The gimmick of snide lead characters that are too crackerjack for their own good and game designers breaking the fourth wall and spouting quips directly at the audience is hopefully fading away. You know the one: break in the action, our hero turns to us and winks. While it’s easy to remember these moments in a glowing haze of old-school fondness (such as the classic Monkey Island ending), it seems to be relegated for lesser games such as Conker, or used merely for shock value. This mechanic is used with good intention, a way to cement the character and player together, a bridge between real and virtual.
And Yet It Moves takes this interaction and literally spins it on its head, granting the player ultimate control: avatar, game world, fate. The left hand moves your bohemian character, simply a dude with stringy long hair and thick boots, and the right hand rotates the world left or right, as he jumps and runs through three distinct environments: Cave, Forest, and Acid Trip. More on that last one later. Any obstacle like a high wall is traversed by spinning the world, turning it upside down so the ceiling is now the floor and running along. This innovative game mechanic made AYIM an IGF Student Finalist in 2007. The game starts out simply enough, but the kindergarten solutions at the games start, quickly advance to Calculus and Astrophysics. You will swing from branches, avoid falling rocks, toss unsquished bananas to hungry apes, fight against gravity and momentum. It takes a clever mechanic and stretches it to encompass multiple scenarios, so that once you get the hang of one facet, you suddenly must adapt to a new skill.
With all this control and motivation comes ownership. AYIM is not easy, and it’s not exactly hard either. You will die often. And it simply requires patience and foresight. The real pressure isn’t repeated errors, because they are so inconsequential, but the reality that if you quit a level or make repeated mistakes it is your fault, for lack of fortitude or wit. The world is merely responding to gravity, and there is no camera error or cheap kills to blame. When you shatter into a million pieces after rocketing into a wall, you realize, “Hey, I might be falling too quickly.” The deliberate physics engine is less about traditional realism and more about keeping the game challenging in it’s own realm. For instance, when traversing underneath tumbling boulders, rocks free-fall overhead regardless of their starting position: it is cloudy with a chance of rocks, a persistent rain spout spawning rubble just above and off-screen. Trees sway, bats fly, flames always flicker upwards, stuff rolls downhill. The world is alive and squirming under your finger like a pinned sibling. My friend asked me as I repeatedly failed to get past a monkey guarding a door, “Why are you bothering that monkey?” I replied meekly, “It’s blocking my way.” And come hell or high water, you’re going to make it through.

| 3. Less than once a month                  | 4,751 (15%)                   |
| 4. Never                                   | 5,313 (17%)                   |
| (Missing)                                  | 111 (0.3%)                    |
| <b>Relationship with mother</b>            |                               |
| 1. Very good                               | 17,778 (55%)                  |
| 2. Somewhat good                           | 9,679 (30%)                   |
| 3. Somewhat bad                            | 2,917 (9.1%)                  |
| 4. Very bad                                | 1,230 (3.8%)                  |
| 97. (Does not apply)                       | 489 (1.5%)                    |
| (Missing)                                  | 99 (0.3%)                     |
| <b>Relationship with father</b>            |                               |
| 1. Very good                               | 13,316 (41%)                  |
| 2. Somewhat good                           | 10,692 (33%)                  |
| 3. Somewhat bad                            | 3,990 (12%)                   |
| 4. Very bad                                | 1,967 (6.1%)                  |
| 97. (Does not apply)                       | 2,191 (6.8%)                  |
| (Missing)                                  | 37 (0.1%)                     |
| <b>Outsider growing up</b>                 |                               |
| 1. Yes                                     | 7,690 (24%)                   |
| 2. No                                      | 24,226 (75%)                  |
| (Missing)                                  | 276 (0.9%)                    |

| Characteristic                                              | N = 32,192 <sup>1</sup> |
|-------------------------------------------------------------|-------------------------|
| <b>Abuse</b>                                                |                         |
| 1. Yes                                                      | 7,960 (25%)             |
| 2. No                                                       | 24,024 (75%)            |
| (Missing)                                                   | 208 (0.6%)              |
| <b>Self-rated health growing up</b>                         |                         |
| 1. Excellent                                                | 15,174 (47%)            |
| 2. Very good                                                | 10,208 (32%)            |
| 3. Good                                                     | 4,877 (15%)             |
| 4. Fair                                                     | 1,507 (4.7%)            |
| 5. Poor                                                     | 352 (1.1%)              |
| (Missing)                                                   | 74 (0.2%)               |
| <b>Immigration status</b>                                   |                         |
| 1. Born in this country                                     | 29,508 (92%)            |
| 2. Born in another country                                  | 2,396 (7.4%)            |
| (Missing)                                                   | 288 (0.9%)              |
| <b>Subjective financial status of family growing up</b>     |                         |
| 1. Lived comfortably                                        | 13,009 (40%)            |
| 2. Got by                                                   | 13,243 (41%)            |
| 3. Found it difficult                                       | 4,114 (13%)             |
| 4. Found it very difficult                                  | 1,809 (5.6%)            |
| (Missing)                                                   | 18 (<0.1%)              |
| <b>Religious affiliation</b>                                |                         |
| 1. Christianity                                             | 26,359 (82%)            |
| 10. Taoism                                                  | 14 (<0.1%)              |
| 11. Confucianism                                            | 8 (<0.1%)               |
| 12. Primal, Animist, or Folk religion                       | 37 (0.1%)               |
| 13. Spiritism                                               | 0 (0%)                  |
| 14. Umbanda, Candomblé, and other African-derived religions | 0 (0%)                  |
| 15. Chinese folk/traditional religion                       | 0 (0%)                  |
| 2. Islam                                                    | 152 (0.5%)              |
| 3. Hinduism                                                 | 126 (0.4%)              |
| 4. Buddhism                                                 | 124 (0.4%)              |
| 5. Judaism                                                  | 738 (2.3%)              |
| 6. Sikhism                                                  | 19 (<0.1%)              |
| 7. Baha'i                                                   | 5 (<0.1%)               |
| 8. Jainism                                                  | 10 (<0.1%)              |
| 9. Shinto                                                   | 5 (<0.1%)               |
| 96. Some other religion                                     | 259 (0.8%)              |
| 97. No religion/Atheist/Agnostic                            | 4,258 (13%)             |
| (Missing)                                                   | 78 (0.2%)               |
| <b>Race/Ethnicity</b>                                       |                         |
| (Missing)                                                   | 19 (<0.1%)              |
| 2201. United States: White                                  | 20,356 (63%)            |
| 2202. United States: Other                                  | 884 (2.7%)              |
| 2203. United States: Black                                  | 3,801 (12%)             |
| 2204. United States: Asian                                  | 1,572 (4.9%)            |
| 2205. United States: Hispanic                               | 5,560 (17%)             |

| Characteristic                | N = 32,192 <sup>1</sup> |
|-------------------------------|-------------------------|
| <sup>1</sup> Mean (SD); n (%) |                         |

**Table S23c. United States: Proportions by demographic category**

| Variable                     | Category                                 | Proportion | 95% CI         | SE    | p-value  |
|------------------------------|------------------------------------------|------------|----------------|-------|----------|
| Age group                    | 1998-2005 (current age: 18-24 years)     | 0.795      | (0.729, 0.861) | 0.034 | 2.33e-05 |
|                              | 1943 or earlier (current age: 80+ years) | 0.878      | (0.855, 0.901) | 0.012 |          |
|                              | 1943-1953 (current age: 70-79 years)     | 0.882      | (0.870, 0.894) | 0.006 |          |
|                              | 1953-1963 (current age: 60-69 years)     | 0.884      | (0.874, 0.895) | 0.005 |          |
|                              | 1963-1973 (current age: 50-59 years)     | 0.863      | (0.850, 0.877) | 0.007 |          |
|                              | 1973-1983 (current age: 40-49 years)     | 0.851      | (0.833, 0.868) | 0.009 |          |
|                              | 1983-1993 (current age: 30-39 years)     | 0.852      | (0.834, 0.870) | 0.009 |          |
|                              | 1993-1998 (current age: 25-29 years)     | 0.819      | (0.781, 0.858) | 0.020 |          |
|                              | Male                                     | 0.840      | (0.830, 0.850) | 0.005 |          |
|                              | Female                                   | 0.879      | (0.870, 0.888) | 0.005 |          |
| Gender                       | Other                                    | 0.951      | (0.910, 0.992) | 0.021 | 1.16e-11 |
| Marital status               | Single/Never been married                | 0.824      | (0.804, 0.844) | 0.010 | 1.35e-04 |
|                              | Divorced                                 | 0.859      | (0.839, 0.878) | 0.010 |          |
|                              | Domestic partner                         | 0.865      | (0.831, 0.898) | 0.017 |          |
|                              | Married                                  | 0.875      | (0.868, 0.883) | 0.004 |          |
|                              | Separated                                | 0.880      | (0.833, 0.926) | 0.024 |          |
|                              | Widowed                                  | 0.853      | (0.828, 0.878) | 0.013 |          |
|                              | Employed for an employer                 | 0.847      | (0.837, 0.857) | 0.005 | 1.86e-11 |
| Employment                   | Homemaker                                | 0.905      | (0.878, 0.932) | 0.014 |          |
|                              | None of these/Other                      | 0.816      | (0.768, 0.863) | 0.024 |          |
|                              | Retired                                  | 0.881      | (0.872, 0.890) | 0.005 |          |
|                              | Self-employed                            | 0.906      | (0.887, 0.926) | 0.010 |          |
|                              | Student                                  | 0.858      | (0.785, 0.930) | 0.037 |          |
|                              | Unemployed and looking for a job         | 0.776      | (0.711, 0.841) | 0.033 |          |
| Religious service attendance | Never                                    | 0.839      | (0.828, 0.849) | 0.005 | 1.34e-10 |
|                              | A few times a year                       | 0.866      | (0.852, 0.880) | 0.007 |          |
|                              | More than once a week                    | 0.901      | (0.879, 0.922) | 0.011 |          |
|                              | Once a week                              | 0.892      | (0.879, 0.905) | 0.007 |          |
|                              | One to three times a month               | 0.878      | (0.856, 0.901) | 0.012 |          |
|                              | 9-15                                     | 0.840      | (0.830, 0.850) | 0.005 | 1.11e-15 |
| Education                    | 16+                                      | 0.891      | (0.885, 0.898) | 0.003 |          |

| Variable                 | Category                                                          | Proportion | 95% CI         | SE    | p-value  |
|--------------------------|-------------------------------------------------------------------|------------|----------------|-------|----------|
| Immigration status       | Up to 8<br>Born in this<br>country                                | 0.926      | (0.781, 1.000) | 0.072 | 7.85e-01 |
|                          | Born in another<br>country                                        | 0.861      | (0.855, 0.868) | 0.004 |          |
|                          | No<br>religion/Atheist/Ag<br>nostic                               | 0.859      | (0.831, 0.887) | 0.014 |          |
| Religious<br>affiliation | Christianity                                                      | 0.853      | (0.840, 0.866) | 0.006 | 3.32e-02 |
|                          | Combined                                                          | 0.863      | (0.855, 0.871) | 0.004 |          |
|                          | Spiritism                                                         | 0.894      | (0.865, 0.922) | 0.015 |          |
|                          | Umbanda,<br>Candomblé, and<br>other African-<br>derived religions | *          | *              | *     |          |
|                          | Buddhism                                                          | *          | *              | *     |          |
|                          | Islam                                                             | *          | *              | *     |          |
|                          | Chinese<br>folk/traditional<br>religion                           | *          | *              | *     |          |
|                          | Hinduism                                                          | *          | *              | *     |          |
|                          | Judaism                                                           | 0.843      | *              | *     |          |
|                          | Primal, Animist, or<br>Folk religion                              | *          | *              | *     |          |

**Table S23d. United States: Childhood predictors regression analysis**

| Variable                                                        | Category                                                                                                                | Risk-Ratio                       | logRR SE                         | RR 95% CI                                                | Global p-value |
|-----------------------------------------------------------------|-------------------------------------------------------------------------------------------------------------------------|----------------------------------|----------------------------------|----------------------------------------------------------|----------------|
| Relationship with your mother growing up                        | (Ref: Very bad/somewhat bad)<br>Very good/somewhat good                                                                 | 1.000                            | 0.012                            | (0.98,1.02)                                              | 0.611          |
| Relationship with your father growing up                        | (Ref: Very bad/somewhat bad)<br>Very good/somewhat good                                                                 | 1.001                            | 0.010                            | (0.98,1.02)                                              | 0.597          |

The whole game has this bohemian, organic feel, and maybe that’s why I’m looking at it metaphorically. The graphics are layers of ripped paper, the levels the antithesis of structured graphing paper, with sound effects that seem mouth-made. Pops, chica-chica’s, finger-against cheek flicks all make an appearance. This all gets pretty grating after a while. I like the clean aesthetic of an N+ over the strange jungle beats and bopping of AYIM. I’m a proponent of less is more. Silence can create incredible tension. There is no real payoff or release after a particularly hairy situation, or any suspense really. It’s as flat and linear as the game world.
But it picks up during the last chapter, in which, –SPOILER ALERT– your character is bitten by a poisonous snake and dropped into a 60′s Dante’s Inferno, a twisting, tie-dyed world, with slinky extending platforms, possessed trees, jet black persona’s, and actual music. It is wonderful. The journey from practical levels as a lost spelunker in a cave or a jungle explorer leads into the full-blown ridiculousness of a Rez. It is now you against your imagination – your psychedelic imagination beset on squashing you between two kaleidoscopic slabs of rock. The last level is a treat to the ADD audience for toughing it out through the more utilitarian level design of the first two chapters. It is random, with no foreshadowing, hallucinatory, and glorious, with inventive puzzles and eyebrow raising moments, controlling two avatars, ebony and ivory, id and ego, to reach their respective goals. –SPOILERS END—
After this correction, And Yet It Moves is an obvious recommendation for platforming fans, but it won’t revolutionize the genre or convert any outsiders. Not that it has to. Despite some of the design turn-offs, AYIM takes a clever mechanic and creates an interesting world that slowly unravels. It is a less flashy Portal, but just as innovative.[review pros="Clever & Innovative Platforming mechanic, Unique Art" cons="Some Design Missteps" score=85]